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Writing a Port Scanner

I’m always a very curious person, especially when it comes to IT and tech. When I ask myself how does something work, I want to figure out the solution. The same happened to me when I asked myself “how do port scanners work”? There was so much magic inside, but as always, when you get the idea behind it, it is anything but magic :-)

Here I want to describe the very simple concept of a port scanner I’ve written in Go. The whole program is less than 100 lines of code. The whole idea of the port scanner is trying to establish a network connection on a particular port. If the connection is established, the port is open and you can close the connection immediately. When the port is not open, the connection won’t establish and the connection attempt would just timeout. Yep, that’s already all of the magic ;-)

In Go, there is the net.DialTimeout function and the code may look like this:

func scan() {
    conn, err := net.DialTimeout("tcp", "localhost:80", 100 * time.Millisecond)
    if err != nil {
        if *listClosedFlag == true {
    } else {
        fmt.Printf("open %d\n", port)

The first argument describes the protocol, which is set to TCP, the second argument is the host machine to scan and the port, the third and last argument is the time to wait for the connection to establish. If the connection doesn’t establish within this duration, an error will be returned and the port is considered to be closed.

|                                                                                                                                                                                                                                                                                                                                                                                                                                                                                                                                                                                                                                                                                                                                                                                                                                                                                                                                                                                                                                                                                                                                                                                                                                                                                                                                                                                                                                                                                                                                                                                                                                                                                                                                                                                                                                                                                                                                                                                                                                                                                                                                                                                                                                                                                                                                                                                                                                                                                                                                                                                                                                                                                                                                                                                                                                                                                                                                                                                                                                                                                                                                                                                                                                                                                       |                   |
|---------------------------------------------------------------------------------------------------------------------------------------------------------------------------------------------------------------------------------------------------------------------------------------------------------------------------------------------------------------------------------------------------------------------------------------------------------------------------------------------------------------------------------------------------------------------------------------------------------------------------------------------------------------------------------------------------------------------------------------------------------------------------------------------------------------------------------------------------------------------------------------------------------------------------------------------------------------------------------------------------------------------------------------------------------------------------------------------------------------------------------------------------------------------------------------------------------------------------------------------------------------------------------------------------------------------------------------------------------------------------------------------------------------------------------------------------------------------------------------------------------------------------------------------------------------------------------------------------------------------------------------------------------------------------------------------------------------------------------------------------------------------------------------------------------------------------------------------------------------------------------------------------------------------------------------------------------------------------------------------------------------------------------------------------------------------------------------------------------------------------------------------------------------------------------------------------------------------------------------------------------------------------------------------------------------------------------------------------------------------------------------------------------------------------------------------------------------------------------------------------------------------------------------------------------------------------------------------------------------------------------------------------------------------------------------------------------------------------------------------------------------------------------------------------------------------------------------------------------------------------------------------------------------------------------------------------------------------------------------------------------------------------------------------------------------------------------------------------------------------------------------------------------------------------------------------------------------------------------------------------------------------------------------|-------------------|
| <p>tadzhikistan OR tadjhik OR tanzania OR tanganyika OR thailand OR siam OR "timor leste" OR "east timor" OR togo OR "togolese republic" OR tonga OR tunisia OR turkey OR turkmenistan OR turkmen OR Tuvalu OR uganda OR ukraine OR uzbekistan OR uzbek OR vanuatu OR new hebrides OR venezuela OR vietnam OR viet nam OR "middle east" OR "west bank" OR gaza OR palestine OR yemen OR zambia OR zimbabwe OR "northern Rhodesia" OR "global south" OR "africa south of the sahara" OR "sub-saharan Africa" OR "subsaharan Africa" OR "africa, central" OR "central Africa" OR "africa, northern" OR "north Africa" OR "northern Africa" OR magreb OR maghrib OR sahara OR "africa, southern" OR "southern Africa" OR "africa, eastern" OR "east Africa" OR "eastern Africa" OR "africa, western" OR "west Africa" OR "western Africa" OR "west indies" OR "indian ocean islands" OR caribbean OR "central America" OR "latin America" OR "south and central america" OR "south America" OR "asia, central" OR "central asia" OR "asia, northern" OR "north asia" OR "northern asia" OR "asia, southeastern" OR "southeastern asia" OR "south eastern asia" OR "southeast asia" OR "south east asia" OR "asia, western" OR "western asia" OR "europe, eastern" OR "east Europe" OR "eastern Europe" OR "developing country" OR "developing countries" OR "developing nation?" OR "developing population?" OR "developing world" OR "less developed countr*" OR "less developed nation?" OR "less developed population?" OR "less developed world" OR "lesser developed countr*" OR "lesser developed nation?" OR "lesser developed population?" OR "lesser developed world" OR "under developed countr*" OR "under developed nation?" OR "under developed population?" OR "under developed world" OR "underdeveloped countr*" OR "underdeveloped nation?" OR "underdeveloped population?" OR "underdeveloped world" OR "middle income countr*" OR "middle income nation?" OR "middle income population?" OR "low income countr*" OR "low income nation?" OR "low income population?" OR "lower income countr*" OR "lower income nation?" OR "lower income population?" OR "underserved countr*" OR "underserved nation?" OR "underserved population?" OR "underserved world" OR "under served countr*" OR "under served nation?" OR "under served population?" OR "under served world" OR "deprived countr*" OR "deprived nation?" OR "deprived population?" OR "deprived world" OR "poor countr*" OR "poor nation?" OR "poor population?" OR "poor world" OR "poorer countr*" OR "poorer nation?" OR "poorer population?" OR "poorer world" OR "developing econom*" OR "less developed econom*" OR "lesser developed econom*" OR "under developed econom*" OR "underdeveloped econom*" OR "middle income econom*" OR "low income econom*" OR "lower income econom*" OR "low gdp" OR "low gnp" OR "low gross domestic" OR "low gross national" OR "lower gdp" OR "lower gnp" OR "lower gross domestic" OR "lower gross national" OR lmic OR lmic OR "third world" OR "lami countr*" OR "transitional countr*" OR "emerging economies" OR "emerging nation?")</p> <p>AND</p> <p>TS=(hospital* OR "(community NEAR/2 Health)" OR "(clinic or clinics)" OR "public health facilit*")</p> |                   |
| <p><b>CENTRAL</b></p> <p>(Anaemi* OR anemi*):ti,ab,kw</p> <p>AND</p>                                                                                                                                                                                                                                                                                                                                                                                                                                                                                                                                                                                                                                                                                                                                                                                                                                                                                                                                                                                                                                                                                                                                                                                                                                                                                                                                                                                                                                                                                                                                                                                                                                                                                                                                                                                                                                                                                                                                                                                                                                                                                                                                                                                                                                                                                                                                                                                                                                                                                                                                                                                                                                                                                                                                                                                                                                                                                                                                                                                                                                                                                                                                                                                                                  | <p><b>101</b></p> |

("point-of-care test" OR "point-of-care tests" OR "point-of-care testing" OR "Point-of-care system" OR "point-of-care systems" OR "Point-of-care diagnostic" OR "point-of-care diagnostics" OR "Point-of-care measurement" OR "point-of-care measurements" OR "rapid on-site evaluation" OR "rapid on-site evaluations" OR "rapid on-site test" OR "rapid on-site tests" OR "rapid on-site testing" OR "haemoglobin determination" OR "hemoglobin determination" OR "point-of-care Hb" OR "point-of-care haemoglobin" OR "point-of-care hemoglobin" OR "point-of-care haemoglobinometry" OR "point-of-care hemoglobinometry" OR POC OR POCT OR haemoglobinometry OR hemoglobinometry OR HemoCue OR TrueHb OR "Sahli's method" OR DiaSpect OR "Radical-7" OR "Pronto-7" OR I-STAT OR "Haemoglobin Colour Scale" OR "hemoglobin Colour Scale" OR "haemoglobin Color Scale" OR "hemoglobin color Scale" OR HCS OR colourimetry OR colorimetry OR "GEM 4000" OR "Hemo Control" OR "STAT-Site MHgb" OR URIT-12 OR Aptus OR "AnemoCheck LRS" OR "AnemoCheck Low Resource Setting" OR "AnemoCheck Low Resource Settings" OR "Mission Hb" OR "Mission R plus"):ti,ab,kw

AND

The timeout (and possibly other errors) are handled by the if err != nil condition. I’ve used a command line flag to check if closed ports should be printed to the console too (but this is not the default behaviour, it would be annoying if you scanned a wide range of ports).
When there was no error, and the connection is established, the code in the else block will be executed, which closes the just established connection and prints the open port to the output. Let’s ignore the wg.Done() at the end for a moment.

Using variables for the host and port, you can run this code in a loop, ranging over a certain port range, maybe 1000-1500. With Go, it is very easy to speed this up using goroutines, doing several scans concurrently. Using the scan function from above, the main method can use a loop and call this method as shown below.
Inside the loop, again there is the wg variable, which is a sync.WaitGroup. When we start a new goroutine to scan the port, we first increment the internal counter of the WaitGroup with .Add(1). The call to wg.Wait() at the end of the code block will wait until wg is zero again. If this part would be missing, the main thread of the program would not wait for the goroutine to finish, and exit immediately.
Of course, we have to decrement the counter again, when the goroutine is finished, which is done with wg.Done() (at the end of the code block above).

func main()
    for port := startPort; port <= endPort; port++ {
        go scan(port)


Based on this concepts and code snippets, we have a very basic port scanner. You can find the whole source-code on Github. I’m using command line flags to manually set the host, ports and various other things. Here is an exemplary output:

$ ./portscan -host=google.com
open 80
scan finished

(This post was written in March 2018. The project started in March 2015 and the date of this post was set accordingly, to have a correct chronological order of all projects.)

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